Herman’s Quality Meat Shoppe celebrates 50 years of community engagement

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Holly Claytor/THE REVIEW
Herman’s Meat Shop celebrates their 50 year anniversary.

BY
MANAGING MOSAIC EDITOR

Nestled at the corner of East Cleveland Avenue and Wilbur Street, Herman’s Quality Meat Shoppe has been upholding their name as the “home of quality and custom fresh cut meats” since 1967.

The retail meat store sells everything from fresh beef, pork, chicken, fish and hams to organic produce and self-made lunchmeat.

After celebrating their 50-year anniversary on Oct. 14, which featured a cake from Bing’s Bakery, tributes from Sen. David P. Sokola and local representative Paul Baumbach, as well as different raffles and giveaways, store owner Christine Herman says they plan to make this a year-long celebration.

The shop began in the 1900s as a family-owned business at the end of Main Street, where the university parking garage now stands. The Steele family sold the shop to the McMullen family, who hired Christine Herman’s father-in-law, Luther Herman, as an employee.

The McMullens eventually sold the shop to Luther Herman and his wife Jeanette on Oct. 14, 1967. The shop remained on Main Street for about three years until the university eventually overtook the lease. The family then moved their meat shop to its present location on East Cleveland. In 1992, Luther Herman sold the meat shop to his son, Timothy, and his wife Christine. Timothy Herman passed away on Oct. 8 in 2008, afterwhich Christine Herman took over as the sole owner.

“The community is here to help me, and I am here to help the community,” Christine Herman says. “It’s been that way for all these years.”

As the years have gone by, Christine Herman says she has witnessed the residents surrounding her shop shift from being local Newark residents to predominantly college students. While her usual customers still frequented Herman’s Quality Meat Shoppe, she realized she needed to adapt to the growing customer base of college students.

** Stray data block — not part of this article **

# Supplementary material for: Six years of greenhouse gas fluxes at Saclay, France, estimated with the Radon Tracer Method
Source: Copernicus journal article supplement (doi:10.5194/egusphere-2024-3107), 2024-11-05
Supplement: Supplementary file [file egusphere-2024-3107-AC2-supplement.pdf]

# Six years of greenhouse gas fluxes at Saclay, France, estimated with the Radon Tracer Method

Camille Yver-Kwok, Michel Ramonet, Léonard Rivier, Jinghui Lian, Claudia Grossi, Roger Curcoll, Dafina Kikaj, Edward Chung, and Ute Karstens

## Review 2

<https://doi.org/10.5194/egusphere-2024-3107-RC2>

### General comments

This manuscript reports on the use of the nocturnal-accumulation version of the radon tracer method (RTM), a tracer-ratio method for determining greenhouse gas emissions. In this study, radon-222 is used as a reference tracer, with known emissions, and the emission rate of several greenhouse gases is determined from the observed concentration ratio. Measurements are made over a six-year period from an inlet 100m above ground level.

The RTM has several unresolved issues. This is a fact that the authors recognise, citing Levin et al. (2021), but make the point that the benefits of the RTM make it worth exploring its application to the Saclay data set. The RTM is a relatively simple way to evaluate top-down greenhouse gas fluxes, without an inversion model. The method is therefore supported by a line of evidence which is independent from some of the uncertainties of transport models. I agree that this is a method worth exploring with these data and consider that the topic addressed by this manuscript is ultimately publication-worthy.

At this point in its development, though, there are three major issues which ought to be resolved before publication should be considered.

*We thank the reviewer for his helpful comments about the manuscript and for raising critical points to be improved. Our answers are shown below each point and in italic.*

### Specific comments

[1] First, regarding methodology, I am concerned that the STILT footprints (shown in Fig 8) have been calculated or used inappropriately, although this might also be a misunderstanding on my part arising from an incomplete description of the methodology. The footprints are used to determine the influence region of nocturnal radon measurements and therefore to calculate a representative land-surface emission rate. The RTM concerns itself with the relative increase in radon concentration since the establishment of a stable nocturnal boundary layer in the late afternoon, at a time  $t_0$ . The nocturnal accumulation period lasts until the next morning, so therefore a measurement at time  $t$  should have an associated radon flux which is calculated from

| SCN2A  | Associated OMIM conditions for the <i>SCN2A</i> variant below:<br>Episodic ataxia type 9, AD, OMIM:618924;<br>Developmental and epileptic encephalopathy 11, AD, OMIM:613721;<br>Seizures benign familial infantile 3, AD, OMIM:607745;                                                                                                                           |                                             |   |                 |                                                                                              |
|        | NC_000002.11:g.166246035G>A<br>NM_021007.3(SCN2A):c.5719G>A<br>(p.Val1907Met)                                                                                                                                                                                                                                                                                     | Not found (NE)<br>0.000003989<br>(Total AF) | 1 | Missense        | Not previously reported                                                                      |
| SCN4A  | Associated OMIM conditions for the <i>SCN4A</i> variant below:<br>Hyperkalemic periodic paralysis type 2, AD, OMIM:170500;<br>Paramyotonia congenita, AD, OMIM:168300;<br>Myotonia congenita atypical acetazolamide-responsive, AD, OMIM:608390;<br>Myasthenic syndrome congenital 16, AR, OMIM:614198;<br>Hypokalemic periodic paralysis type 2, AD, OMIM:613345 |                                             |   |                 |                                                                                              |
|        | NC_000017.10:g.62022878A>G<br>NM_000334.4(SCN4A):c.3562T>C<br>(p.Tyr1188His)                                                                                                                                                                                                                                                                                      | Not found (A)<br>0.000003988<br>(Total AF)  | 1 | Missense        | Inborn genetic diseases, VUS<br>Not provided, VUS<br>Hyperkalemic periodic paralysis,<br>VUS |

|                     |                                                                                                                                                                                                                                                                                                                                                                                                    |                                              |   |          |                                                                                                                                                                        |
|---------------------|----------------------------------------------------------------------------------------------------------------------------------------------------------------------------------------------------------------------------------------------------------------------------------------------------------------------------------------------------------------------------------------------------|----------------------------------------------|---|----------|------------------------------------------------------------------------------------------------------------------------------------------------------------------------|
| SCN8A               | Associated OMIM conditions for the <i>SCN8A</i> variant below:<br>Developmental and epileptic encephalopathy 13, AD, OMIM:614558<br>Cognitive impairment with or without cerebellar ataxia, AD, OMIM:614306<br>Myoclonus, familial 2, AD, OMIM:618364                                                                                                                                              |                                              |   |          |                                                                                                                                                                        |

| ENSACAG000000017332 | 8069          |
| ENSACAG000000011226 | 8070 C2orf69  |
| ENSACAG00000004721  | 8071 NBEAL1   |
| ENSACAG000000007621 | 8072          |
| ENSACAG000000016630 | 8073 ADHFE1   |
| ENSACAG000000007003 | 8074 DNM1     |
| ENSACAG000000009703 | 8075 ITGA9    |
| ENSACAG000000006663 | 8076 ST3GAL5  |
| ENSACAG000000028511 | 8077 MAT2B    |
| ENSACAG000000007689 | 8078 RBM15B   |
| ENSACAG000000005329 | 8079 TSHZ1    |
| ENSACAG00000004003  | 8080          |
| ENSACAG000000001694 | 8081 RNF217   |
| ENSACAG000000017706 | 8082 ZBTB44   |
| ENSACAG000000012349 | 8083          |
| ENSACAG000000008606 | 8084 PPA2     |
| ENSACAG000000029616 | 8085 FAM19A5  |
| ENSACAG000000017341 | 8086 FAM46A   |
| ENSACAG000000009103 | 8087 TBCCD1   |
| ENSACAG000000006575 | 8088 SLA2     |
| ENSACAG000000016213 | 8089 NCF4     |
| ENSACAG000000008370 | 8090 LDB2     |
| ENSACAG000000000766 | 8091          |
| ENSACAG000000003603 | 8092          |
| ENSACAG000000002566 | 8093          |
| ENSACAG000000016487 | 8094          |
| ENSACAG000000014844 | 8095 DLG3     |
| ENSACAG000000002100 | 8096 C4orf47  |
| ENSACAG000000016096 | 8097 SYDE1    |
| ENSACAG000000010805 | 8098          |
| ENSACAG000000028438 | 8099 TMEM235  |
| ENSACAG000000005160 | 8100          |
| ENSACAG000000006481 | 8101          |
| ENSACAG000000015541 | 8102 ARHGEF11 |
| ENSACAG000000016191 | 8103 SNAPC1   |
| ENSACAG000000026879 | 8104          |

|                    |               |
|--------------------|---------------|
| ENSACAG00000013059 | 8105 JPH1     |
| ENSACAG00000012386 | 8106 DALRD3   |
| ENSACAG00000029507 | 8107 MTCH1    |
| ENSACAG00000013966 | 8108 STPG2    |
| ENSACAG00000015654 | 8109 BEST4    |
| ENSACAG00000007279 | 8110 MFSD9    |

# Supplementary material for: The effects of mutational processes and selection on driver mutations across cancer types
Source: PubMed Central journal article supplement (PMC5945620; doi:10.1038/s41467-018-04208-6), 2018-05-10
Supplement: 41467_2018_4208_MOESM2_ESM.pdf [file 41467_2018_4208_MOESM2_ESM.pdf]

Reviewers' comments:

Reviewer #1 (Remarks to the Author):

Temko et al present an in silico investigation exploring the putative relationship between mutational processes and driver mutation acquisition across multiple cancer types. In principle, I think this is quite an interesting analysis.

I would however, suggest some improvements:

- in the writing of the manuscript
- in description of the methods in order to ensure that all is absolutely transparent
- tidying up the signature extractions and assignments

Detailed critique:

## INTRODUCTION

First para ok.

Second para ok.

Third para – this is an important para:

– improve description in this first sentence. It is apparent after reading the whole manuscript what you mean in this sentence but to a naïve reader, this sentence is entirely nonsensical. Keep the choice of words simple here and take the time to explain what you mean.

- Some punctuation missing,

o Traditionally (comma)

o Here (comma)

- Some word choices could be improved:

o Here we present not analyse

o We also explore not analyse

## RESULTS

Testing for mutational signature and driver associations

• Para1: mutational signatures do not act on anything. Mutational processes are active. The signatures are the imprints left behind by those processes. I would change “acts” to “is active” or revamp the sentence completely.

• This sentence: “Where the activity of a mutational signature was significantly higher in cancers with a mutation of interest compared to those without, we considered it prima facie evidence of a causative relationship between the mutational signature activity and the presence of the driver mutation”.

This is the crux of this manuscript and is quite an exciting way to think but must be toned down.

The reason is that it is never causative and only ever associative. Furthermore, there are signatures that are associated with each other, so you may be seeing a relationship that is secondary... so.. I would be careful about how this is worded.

For years, families would come in around move-in day or parents weekend asking for sandwiches, she says. She would have to turn these customers away because she did not yet have the proper licensing to make and sell full sandwiches.

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Holly Claytor/THE REVIEW

After growing tired of turning down their business, she crafted a kit made out of a cardboard box that contained all the ingredients of a sandwich. The only thing the customer needed to do was assemble it.

About four years ago, Christine Herman went through the process of obtaining the proper licensing and regulations and can now sell sandwiches in-store.

“That’s how a lot of the change and evolution has taken place,” she says. “If you can’t beat them join them. That’s how you grow. You can’t stay stagnant, you have to grow and meet the needs of the community.”

Having received an undergraduate degree in Spanish from the university, Herman says she likes to do what she can to give back to the faculty and students. She says she provides different bones, joints and eyeballs from the meat she sells to several classes within the science departments. These students, in turn, use the animal parts for research and educational purposes.

This community value is also reflected in Hermans’ other employees.

Two of the employees, Craig Lightcap and Sandra Bell, had been customers at Herman’s for years until they retired and decided to work at the meat shop.

“You learn something every day,” Lightcap of Glenfarms, Md., says. “It’s the best place I’ve ever worked.”

John Skopowski, the head butcher, has been working at Herman’s since high school. After his high school graduation, he began to learn the proper techniques of cutting meat. He says he has loved getting to know the Herman family over his 10 years working for them. They have taught him everything he knows about being a butcher.

Christine Herman says that even in her husband’s last year of life, when he was very sick, he continued to uphold their meat shop’s value of serving the community. He would insist upon going into the shop each day to be there for his regular customers, despite how ill he may have been feeling.

“That was his passion,” Christine Herman says. “That is what got him up and out of bed every day. It was an inspiration to me but it has also now transferred to me. [I may be] tired today but I know I have a responsibility and other people counting on me. I want to come into work and be apart of that need.”

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